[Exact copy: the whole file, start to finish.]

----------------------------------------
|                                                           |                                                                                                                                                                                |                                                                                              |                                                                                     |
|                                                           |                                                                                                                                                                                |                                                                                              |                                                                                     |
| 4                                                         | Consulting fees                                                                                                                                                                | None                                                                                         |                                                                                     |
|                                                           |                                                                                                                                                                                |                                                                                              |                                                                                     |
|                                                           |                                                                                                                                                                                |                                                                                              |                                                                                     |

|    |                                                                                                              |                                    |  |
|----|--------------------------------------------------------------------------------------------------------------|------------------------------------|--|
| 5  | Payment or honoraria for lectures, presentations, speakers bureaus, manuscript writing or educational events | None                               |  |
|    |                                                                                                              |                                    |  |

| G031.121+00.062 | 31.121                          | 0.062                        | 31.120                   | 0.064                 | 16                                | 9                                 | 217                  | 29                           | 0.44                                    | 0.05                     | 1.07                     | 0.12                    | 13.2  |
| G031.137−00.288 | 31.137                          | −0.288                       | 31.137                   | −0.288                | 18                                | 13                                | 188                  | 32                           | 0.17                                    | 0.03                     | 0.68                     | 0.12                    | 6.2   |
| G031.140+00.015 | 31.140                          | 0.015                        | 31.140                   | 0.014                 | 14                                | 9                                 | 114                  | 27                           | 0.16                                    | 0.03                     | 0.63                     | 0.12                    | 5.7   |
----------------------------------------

|                                                           |                                                                                                                                                                                |                                                                                              |                                                                                     |
|                                                           |                                                                                                                                                                                |                                                                                              |                                                                                     |
| 4                                                         | Consulting fees                                                                                                                                                                | None                                                                                         |                                                                                     |
|                                                           |                                                                                                                                                                                |                                                                                              |                                                                                     |
|                                                           |                                                                                                                                                                                |                                                                                              |                                                                                     |

|    |                                                                                                              |                                    |  |
|----|--------------------------------------------------------------------------------------------------------------|------------------------------------|--|
| 5  | Payment or honoraria for lectures, presentations, speakers bureaus, manuscript writing or educational events | None                               |  |
|    |                                                                                                              |                                    |  |

| G031.121+00.062 | 31.121                          | 0.062                        | 31.120                   | 0.064                 | 16                                | 9                                 | 217                  | 29                           | 0.44                                    | 0.05                     | 1.07                     | 0.12                    | 13.2  |
| G031.137−00.288 | 31.137                          | −0.288                       | 31.137                   | −0.288                | 18                                | 13                                | 188                  | 32                           | 0.17                                    | 0.03                     | 0.68                     | 0.12                    | 6.2   |
| G031.140+00.015 | 31.140                          | 0.015                        | 31.140                   | 0.014                 | 14                                | 9                                 | 114                  | 27                           | 0.16                                    | 0.03                     | 0.63                     | 0.12                    | 5.7   |